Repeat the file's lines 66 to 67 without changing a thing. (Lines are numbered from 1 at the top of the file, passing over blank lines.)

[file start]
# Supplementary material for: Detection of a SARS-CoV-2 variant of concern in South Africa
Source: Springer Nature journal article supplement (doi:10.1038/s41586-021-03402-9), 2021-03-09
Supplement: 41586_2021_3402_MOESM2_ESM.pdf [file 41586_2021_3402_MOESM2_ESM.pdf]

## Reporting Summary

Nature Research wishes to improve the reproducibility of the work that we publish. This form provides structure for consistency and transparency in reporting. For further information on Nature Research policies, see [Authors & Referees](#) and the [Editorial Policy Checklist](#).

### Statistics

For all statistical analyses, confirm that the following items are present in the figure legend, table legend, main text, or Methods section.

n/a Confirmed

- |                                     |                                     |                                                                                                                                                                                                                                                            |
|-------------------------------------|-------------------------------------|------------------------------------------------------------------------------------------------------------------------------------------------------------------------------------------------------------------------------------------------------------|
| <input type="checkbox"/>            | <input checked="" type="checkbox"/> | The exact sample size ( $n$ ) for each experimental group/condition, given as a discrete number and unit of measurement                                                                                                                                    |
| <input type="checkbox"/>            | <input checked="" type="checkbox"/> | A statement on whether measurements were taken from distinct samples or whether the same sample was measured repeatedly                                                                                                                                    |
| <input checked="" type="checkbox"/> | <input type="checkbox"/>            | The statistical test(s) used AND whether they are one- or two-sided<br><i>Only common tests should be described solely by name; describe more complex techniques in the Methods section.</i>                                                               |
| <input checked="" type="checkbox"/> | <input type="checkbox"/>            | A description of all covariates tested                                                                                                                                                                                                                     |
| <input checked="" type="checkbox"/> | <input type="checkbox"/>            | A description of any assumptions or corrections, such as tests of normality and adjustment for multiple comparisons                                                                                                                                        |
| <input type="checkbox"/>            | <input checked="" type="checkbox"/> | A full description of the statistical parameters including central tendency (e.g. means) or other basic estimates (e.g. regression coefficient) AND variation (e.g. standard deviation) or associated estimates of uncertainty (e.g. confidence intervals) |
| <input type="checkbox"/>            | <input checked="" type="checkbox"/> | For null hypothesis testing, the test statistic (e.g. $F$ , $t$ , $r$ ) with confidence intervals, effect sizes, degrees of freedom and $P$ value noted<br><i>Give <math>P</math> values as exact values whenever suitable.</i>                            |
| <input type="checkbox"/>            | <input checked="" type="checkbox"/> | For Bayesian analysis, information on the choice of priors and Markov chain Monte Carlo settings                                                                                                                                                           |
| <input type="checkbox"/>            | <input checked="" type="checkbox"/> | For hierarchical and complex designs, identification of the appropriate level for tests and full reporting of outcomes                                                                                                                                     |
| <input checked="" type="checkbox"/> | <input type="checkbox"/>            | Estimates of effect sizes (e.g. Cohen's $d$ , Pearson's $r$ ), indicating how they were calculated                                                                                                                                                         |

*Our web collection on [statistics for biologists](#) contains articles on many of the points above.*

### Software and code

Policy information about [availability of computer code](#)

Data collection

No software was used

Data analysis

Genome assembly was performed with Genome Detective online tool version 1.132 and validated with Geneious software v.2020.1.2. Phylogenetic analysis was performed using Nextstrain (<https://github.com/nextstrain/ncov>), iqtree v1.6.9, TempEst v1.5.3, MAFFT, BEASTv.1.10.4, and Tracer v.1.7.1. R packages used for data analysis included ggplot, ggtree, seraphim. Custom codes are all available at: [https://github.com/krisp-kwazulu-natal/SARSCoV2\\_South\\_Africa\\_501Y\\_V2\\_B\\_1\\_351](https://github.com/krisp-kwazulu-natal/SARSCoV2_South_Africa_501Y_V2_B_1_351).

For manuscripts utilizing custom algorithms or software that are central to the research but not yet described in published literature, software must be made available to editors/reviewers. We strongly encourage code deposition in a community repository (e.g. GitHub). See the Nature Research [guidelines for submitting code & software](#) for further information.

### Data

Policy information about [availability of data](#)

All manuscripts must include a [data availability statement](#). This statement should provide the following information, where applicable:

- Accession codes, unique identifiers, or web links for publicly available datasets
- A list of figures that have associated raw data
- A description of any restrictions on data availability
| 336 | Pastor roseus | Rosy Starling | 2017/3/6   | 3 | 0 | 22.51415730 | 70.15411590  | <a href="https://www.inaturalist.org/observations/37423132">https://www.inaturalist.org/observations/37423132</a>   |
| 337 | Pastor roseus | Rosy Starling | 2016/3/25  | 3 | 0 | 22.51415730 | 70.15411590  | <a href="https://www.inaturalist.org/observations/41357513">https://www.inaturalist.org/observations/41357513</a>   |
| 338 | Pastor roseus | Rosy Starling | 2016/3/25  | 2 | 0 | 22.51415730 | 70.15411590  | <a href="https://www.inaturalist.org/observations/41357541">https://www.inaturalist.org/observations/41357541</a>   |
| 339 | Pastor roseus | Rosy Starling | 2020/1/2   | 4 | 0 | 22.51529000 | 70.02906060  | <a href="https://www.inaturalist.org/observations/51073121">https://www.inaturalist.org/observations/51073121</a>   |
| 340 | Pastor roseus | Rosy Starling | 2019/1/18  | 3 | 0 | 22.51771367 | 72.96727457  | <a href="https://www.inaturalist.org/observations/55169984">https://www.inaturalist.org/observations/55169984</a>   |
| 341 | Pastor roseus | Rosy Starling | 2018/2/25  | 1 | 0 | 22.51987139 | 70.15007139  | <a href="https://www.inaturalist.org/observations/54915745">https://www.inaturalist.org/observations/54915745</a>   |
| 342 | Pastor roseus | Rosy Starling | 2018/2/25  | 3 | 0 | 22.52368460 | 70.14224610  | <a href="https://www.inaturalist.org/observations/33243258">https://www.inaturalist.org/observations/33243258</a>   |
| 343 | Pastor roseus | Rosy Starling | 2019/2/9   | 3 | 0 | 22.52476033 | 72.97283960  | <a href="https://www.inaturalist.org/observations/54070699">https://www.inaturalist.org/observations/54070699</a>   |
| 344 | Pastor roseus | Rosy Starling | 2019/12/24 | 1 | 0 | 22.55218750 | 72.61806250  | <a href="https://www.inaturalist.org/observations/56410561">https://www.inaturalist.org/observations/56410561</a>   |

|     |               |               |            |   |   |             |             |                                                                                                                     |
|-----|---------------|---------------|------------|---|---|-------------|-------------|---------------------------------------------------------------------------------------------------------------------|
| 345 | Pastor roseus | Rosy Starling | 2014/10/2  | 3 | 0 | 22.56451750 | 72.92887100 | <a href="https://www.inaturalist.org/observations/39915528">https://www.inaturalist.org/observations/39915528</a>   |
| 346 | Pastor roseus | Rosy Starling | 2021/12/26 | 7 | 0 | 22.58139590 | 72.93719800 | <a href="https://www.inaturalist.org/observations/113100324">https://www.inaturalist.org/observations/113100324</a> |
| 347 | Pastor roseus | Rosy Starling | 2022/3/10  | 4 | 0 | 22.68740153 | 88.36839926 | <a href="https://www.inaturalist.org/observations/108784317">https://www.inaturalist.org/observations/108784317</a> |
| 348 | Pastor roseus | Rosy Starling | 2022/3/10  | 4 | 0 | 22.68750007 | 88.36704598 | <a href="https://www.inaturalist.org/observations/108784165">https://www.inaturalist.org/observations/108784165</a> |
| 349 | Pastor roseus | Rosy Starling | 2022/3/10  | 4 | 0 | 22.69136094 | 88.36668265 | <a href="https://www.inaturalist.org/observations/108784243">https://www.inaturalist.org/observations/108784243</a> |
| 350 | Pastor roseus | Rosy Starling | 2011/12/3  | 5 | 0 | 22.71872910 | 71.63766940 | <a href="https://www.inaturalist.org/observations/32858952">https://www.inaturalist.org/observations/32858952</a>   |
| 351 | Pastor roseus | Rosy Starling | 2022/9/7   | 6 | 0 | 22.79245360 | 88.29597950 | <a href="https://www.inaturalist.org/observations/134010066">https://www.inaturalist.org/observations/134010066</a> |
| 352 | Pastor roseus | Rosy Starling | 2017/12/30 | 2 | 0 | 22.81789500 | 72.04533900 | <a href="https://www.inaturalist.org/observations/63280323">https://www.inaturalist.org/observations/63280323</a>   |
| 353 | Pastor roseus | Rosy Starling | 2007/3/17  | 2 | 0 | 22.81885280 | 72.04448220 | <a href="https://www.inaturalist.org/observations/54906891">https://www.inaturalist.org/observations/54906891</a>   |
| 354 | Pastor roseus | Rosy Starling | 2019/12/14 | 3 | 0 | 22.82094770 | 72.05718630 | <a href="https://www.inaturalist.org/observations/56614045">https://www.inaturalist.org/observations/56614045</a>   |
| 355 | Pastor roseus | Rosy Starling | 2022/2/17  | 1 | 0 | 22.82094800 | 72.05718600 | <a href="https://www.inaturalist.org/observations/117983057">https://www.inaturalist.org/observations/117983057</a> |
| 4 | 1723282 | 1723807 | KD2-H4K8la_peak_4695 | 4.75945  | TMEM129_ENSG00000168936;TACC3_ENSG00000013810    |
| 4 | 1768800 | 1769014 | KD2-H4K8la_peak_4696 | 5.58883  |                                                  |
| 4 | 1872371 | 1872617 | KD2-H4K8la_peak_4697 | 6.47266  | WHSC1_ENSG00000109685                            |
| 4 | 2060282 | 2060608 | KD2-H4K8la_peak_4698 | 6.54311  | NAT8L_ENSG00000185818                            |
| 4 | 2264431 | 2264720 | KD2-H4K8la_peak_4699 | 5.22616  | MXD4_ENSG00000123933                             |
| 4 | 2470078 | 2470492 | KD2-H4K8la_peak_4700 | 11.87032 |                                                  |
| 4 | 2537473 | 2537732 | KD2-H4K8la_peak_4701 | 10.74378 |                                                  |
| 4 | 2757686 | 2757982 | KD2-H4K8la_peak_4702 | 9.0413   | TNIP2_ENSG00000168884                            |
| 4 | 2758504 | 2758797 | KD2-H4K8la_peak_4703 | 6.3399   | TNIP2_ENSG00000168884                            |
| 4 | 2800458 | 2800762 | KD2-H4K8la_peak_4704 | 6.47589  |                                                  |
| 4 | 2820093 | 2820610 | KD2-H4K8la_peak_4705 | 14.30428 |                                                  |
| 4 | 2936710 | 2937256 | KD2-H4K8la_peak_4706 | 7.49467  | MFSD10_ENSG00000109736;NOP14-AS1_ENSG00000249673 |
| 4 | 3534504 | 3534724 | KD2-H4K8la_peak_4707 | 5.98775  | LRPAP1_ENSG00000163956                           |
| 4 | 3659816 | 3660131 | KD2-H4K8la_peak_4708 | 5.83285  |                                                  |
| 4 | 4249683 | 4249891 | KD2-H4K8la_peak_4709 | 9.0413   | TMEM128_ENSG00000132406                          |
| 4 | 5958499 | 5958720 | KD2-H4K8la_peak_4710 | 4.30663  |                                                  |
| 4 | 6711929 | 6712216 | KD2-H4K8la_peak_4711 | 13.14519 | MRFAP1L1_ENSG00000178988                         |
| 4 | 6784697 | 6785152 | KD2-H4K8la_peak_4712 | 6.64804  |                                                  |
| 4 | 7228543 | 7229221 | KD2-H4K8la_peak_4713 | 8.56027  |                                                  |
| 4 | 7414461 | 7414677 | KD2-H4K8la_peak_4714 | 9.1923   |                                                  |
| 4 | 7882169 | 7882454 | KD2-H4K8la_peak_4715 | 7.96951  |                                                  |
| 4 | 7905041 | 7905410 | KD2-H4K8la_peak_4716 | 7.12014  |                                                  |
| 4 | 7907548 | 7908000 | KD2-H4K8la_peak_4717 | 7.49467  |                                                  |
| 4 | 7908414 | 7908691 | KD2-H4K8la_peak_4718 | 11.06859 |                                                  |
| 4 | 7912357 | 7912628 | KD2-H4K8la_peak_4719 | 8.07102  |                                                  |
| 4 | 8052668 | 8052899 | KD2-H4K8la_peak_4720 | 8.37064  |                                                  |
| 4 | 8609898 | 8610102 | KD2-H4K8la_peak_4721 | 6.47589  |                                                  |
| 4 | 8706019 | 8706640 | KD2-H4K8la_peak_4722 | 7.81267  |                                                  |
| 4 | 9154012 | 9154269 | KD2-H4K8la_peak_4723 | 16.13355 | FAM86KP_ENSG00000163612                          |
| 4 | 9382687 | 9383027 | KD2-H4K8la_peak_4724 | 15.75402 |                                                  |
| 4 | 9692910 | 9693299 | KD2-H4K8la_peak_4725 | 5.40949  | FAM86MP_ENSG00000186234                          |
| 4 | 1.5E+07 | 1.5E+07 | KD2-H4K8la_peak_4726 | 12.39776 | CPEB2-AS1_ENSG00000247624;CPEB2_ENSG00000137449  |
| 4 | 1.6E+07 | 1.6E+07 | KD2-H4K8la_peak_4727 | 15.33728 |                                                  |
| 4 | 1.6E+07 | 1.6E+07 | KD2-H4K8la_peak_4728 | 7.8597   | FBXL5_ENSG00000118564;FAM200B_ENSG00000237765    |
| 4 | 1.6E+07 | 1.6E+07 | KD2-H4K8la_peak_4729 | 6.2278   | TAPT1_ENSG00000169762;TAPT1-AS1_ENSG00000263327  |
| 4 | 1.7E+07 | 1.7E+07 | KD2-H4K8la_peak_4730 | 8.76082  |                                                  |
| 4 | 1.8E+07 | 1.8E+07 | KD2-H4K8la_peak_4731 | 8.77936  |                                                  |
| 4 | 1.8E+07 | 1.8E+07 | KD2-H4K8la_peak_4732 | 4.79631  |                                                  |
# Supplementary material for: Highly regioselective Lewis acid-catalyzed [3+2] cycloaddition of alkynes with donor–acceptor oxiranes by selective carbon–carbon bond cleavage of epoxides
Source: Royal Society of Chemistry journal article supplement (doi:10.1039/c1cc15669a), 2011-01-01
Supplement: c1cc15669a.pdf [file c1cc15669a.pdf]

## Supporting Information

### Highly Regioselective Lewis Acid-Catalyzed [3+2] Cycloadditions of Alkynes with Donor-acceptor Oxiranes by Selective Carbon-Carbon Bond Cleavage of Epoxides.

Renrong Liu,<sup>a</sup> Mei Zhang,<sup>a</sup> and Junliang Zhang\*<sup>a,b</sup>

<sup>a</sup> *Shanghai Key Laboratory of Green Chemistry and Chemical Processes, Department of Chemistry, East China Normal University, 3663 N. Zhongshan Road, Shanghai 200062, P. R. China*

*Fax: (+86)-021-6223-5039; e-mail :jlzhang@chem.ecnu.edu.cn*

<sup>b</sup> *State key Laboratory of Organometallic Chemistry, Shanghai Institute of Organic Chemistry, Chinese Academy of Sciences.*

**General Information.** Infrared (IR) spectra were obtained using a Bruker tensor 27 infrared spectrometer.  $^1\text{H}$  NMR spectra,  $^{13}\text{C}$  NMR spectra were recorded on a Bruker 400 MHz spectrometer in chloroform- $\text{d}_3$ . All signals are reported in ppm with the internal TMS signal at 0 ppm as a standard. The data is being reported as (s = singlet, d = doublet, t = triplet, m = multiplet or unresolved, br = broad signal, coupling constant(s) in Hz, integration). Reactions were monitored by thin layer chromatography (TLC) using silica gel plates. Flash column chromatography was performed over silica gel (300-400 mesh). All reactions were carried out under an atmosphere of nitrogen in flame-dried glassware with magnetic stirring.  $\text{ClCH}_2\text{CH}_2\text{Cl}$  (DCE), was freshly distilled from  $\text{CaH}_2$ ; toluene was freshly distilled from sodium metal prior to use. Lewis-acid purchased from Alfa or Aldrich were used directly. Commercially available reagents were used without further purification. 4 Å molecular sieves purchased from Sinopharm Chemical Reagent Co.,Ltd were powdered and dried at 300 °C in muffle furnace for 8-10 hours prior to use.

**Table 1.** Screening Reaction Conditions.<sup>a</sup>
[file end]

| 4 | 2800458 | 2800762 | KD2-H4K8la_peak_4704 | 6.47589  |                                                  |
| 4 | 2820093 | 2820610 | KD2-H4K8la_peak_4705 | 14.30428 |                                                  |